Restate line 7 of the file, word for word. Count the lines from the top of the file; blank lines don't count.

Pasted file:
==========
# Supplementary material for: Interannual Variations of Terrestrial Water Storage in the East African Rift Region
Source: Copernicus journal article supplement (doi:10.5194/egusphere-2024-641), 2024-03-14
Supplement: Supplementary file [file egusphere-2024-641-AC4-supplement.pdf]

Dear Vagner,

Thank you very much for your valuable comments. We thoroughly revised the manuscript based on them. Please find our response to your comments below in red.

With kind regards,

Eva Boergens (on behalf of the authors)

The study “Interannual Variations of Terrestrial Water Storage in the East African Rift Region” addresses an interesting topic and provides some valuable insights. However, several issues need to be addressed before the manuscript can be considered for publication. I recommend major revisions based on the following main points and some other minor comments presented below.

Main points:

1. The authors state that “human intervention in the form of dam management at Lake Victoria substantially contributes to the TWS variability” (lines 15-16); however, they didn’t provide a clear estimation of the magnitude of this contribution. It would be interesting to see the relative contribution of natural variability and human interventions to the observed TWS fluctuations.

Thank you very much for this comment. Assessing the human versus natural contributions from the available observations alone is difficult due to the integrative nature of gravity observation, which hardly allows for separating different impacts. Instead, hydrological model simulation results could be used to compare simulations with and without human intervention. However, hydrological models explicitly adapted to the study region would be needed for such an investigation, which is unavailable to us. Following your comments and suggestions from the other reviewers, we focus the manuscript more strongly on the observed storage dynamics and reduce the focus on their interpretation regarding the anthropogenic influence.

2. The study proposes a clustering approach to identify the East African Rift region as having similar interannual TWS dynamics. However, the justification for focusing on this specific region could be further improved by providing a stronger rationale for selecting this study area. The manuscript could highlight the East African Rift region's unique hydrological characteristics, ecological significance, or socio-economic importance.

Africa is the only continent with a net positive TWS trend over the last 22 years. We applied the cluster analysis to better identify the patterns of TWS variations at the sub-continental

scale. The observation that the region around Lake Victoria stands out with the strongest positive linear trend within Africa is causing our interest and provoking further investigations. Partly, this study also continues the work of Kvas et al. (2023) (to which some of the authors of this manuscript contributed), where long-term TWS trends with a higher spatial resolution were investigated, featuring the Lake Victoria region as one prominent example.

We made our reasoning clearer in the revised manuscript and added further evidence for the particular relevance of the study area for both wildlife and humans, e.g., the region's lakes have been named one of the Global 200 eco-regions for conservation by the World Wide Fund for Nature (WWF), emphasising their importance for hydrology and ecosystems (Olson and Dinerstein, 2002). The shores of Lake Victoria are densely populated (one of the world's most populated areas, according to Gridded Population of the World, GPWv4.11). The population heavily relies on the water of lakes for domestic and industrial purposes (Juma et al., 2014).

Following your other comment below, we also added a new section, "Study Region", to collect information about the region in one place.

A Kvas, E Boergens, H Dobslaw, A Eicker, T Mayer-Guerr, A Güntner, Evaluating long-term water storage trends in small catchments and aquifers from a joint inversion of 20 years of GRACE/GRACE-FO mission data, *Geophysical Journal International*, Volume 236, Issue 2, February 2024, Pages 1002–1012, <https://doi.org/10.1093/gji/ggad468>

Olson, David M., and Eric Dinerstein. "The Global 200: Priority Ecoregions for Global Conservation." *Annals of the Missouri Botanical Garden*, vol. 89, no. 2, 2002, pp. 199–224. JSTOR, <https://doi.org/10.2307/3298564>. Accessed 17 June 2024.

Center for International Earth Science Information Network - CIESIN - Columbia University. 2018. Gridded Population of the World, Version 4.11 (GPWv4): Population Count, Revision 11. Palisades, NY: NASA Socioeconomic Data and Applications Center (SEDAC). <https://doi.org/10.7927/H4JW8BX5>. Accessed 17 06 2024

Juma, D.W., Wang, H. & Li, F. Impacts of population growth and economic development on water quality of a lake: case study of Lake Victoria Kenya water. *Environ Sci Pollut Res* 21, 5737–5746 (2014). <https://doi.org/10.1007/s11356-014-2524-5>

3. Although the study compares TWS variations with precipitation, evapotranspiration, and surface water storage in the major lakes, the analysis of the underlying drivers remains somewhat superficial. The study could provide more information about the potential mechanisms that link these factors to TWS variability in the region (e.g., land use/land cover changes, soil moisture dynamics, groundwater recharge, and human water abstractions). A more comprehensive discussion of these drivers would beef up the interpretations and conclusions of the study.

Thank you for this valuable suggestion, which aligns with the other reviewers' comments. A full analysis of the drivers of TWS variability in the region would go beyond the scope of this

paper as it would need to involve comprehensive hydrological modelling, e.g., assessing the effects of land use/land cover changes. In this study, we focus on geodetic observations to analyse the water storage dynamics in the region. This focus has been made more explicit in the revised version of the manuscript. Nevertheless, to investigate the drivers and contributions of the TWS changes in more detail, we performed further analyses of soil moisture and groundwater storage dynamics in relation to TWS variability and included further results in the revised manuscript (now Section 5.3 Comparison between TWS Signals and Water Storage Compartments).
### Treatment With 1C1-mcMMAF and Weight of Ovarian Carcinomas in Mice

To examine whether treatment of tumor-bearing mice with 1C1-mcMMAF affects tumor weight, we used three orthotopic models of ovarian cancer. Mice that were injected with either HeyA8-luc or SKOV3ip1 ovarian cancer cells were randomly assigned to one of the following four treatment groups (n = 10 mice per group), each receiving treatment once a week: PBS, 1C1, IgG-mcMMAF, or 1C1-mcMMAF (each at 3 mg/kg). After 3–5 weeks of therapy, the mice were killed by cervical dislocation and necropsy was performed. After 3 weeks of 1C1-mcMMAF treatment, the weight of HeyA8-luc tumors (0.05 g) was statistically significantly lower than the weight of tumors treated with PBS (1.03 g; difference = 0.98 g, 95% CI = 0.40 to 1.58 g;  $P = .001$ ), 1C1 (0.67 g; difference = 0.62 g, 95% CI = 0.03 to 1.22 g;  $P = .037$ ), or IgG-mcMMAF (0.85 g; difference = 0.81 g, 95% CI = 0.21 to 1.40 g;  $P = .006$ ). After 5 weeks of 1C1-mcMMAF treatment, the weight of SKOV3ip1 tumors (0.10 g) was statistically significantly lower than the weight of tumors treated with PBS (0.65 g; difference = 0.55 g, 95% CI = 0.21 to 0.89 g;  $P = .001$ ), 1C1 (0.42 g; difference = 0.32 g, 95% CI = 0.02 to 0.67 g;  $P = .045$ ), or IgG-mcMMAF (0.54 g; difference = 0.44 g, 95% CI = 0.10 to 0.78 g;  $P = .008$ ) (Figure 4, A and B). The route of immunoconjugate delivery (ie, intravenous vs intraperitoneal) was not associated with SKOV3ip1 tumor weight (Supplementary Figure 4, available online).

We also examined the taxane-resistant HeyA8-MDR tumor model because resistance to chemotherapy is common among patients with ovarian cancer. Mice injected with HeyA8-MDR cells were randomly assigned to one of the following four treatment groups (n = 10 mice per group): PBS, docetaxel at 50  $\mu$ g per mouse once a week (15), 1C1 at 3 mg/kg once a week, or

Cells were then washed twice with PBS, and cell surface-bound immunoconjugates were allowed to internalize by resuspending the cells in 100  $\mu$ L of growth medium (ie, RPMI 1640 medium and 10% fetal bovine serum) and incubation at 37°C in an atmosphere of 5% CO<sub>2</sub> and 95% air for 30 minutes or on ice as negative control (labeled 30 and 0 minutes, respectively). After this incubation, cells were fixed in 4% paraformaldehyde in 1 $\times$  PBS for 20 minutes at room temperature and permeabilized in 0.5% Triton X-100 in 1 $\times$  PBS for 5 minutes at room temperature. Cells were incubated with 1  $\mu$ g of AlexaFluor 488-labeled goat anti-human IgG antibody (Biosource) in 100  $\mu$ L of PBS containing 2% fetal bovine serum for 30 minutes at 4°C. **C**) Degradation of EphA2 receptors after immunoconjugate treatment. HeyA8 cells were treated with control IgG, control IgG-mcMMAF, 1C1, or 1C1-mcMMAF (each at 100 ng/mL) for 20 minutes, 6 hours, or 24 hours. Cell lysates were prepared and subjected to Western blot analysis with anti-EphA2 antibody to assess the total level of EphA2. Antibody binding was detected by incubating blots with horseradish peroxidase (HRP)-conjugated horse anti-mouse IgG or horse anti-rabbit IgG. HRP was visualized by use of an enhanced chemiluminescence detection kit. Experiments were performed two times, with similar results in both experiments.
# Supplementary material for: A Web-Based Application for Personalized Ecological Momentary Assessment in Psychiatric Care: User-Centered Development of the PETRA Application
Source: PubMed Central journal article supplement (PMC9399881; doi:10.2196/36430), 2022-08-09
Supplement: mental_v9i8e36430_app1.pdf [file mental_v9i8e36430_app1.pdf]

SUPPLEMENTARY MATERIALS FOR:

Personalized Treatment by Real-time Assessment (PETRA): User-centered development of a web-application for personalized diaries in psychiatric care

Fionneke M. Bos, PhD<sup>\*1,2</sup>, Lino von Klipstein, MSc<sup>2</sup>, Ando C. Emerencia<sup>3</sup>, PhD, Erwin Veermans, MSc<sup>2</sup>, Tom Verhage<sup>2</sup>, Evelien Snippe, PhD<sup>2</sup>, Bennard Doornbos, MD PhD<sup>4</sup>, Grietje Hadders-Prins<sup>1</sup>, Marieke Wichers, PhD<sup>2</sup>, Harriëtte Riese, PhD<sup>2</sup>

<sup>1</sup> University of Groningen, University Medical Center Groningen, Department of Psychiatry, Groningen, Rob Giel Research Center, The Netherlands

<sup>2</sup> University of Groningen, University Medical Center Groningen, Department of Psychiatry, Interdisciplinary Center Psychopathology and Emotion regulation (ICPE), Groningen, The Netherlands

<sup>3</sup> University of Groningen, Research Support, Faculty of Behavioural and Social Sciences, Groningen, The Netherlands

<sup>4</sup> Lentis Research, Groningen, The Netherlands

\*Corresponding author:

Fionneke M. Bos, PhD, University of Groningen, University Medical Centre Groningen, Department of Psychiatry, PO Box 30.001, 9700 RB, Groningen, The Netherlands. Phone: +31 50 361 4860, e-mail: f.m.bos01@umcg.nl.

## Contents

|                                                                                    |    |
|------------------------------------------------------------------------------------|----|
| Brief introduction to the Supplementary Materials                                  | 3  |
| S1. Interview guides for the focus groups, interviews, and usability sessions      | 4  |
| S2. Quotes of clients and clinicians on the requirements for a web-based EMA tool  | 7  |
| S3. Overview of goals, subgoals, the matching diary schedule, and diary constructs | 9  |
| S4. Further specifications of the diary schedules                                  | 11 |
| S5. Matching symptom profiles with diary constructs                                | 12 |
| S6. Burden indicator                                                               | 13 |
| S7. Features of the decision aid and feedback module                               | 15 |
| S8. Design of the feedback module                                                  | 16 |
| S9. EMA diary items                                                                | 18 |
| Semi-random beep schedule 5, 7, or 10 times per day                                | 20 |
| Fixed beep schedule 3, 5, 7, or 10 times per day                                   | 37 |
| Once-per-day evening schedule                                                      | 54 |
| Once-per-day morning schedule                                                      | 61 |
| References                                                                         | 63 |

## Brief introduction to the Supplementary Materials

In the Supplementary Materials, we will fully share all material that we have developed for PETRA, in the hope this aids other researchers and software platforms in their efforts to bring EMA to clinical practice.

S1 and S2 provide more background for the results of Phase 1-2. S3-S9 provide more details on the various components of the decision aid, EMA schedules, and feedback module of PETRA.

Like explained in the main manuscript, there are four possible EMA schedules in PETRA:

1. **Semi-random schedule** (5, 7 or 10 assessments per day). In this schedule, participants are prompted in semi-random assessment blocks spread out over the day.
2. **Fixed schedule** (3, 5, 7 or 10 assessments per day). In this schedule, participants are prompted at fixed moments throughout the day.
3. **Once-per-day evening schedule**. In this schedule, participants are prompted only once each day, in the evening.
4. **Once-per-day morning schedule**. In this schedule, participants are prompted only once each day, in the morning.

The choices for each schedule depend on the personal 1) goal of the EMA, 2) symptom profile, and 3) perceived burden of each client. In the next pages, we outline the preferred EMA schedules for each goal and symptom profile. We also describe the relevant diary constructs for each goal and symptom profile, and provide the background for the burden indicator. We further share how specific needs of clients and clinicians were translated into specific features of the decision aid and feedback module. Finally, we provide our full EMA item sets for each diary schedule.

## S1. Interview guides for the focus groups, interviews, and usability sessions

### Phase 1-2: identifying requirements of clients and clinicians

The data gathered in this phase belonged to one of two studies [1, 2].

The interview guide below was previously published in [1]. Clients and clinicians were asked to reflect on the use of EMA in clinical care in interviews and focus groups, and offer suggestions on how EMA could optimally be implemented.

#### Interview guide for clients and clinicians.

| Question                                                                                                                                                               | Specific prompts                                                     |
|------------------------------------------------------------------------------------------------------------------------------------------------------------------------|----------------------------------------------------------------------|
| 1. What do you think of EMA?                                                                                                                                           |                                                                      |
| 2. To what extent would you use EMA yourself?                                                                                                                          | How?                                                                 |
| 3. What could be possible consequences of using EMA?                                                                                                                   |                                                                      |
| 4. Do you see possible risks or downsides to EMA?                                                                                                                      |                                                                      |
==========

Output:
Eva Boergens (on behalf of the authors)